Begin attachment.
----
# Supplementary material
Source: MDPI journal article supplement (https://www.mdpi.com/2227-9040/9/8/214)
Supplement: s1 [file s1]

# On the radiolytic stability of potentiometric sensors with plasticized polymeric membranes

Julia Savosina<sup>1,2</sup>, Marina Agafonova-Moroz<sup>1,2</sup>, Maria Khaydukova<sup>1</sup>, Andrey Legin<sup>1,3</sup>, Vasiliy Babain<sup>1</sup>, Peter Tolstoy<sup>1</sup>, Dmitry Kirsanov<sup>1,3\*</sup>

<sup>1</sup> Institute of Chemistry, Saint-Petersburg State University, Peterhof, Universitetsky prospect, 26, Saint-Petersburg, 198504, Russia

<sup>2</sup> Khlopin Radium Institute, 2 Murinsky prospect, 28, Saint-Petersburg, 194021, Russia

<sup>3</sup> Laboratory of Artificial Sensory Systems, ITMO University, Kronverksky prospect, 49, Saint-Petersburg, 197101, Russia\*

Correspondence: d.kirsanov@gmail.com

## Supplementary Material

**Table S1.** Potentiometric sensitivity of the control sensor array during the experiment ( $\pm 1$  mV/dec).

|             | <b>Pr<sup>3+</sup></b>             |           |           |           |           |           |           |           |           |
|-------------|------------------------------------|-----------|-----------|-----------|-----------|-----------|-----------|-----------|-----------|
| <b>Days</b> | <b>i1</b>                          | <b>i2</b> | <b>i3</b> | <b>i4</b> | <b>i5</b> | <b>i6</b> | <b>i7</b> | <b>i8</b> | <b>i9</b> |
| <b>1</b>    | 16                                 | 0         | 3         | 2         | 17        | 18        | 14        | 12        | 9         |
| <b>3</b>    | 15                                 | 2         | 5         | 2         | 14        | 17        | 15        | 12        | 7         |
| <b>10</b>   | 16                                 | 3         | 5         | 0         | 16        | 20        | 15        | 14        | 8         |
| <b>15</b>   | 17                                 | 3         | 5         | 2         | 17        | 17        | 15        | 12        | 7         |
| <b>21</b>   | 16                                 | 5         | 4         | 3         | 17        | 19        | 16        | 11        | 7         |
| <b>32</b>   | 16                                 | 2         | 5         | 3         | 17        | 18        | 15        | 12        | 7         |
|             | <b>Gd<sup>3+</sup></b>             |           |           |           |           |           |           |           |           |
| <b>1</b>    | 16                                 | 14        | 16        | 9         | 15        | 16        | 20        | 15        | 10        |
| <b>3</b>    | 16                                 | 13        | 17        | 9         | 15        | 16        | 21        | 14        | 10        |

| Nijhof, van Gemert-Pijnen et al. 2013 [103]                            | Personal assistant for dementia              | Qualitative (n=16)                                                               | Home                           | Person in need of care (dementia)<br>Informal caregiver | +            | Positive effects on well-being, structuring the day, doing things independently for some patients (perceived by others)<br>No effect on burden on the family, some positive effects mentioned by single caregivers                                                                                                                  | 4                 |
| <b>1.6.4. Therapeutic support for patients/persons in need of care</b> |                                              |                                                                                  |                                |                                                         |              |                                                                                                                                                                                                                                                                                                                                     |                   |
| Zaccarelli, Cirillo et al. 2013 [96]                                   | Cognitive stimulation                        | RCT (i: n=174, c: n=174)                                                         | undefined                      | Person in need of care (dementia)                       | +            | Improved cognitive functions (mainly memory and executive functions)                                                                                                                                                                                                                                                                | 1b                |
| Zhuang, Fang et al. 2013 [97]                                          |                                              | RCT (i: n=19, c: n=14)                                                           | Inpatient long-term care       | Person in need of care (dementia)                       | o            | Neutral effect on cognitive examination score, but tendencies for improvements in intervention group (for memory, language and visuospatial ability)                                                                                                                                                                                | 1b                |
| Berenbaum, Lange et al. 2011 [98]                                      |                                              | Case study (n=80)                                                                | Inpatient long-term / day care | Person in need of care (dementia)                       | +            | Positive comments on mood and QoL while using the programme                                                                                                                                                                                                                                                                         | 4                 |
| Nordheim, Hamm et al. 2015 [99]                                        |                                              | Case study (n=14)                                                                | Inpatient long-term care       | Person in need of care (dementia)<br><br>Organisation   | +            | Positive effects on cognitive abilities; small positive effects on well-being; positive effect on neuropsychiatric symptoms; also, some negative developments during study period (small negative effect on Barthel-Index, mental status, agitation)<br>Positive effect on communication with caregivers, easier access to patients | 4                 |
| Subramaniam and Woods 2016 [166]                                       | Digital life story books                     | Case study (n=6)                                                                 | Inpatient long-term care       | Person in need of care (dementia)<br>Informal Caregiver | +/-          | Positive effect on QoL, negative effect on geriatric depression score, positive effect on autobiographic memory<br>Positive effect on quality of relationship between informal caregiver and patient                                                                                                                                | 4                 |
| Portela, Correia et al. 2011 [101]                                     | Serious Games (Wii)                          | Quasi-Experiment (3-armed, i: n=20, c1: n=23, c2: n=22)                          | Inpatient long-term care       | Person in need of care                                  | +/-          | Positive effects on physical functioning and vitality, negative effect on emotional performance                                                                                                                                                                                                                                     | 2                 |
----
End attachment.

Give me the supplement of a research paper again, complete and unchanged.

# Supplementary material
Source: MDPI journal article supplement (https://www.mdpi.com/2227-9040/9/8/214)
Supplement: s1 [file s1]

# On the radiolytic stability of potentiometric sensors with plasticized polymeric membranes

Julia Savosina<sup>1,2</sup>, Marina Agafonova-Moroz<sup>1,2</sup>, Maria Khaydukova<sup>1</sup>, Andrey Legin<sup>1,3</sup>, Vasiliy Babain<sup>1</sup>, Peter Tolstoy<sup>1</sup>, Dmitry Kirsanov<sup>1,3\*</sup>

<sup>1</sup> Institute of Chemistry, Saint-Petersburg State University, Peterhof, Universitetsky prospect, 26, Saint-Petersburg, 198504, Russia

<sup>2</sup> Khlopin Radium Institute, 2 Murinsky prospect, 28, Saint-Petersburg, 194021, Russia

<sup>3</sup> Laboratory of Artificial Sensory Systems, ITMO University, Kronverksky prospect, 49, Saint-Petersburg, 197101, Russia\*

Correspondence: d.kirsanov@gmail.com

## Supplementary Material

**Table S1.** Potentiometric sensitivity of the control sensor array during the experiment ( $\pm 1$  mV/dec).

|             | <b>Pr<sup>3+</sup></b>             |           |           |           |           |           |           |           |           |
|-------------|------------------------------------|-----------|-----------|-----------|-----------|-----------|-----------|-----------|-----------|
| <b>Days</b> | <b>i1</b>                          | <b>i2</b> | <b>i3</b> | <b>i4</b> | <b>i5</b> | <b>i6</b> | <b>i7</b> | <b>i8</b> | <b>i9</b> |
| <b>1</b>    | 16                                 | 0         | 3         | 2         | 17        | 18        | 14        | 12        | 9         |
| <b>3</b>    | 15                                 | 2         | 5         | 2         | 14        | 17        | 15        | 12        | 7         |
| <b>10</b>   | 16                                 | 3         | 5         | 0         | 16        | 20        | 15        | 14        | 8         |
| <b>15</b>   | 17                                 | 3         | 5         | 2         | 17        | 17        | 15        | 12        | 7         |
| <b>21</b>   | 16                                 | 5         | 4         | 3         | 17        | 19        | 16        | 11        | 7         |
| <b>32</b>   | 16                                 | 2         | 5         | 3         | 17        | 18        | 15        | 12        | 7         |
|             | <b>Gd<sup>3+</sup></b>             |           |           |           |           |           |           |           |           |
| <b>1</b>    | 16                                 | 14        | 16        | 9         | 15        | 16        | 20        | 15        | 10        |
| <b>3</b>    | 16                                 | 13        | 17        | 9         | 15        | 16        | 21        | 14        | 10        |

| Nijhof, van Gemert-Pijnen et al. 2013 [103]                            | Personal assistant for dementia              | Qualitative (n=16)                                                               | Home                           | Person in need of care (dementia)<br>Informal caregiver | +            | Positive effects on well-being, structuring the day, doing things independently for some patients (perceived by others)<br>No effect on burden on the family, some positive effects mentioned by single caregivers                                                                                                                  | 4                 |
| <b>1.6.4. Therapeutic support for patients/persons in need of care</b> |                                              |                                                                                  |                                |                                                         |              |                                                                                                                                                                                                                                                                                                                                     |                   |
| Zaccarelli, Cirillo et al. 2013 [96]                                   | Cognitive stimulation                        | RCT (i: n=174, c: n=174)                                                         | undefined                      | Person in need of care (dementia)                       | +            | Improved cognitive functions (mainly memory and executive functions)                                                                                                                                                                                                                                                                | 1b                |
| Zhuang, Fang et al. 2013 [97]                                          |                                              | RCT (i: n=19, c: n=14)                                                           | Inpatient long-term care       | Person in need of care (dementia)                       | o            | Neutral effect on cognitive examination score, but tendencies for improvements in intervention group (for memory, language and visuospatial ability)                                                                                                                                                                                | 1b                |
| Berenbaum, Lange et al. 2011 [98]                                      |                                              | Case study (n=80)                                                                | Inpatient long-term / day care | Person in need of care (dementia)                       | +            | Positive comments on mood and QoL while using the programme                                                                                                                                                                                                                                                                         | 4                 |
| Nordheim, Hamm et al. 2015 [99]                                        |                                              | Case study (n=14)                                                                | Inpatient long-term care       | Person in need of care (dementia)<br><br>Organisation   | +            | Positive effects on cognitive abilities; small positive effects on well-being; positive effect on neuropsychiatric symptoms; also, some negative developments during study period (small negative effect on Barthel-Index, mental status, agitation)<br>Positive effect on communication with caregivers, easier access to patients | 4                 |
| Subramaniam and Woods 2016 [166]                                       | Digital life story books                     | Case study (n=6)                                                                 | Inpatient long-term care       | Person in need of care (dementia)<br>Informal Caregiver | +/-          | Positive effect on QoL, negative effect on geriatric depression score, positive effect on autobiographic memory<br>Positive effect on quality of relationship between informal caregiver and patient                                                                                                                                | 4                 |
| Portela, Correia et al. 2011 [101]                                     | Serious Games (Wii)                          | Quasi-Experiment (3-armed, i: n=20, c1: n=23, c2: n=22)                          | Inpatient long-term care       | Person in need of care                                  | +/-          | Positive effects on physical functioning and vitality, negative effect on emotional performance                                                                                                                                                                                                                                     | 2                 |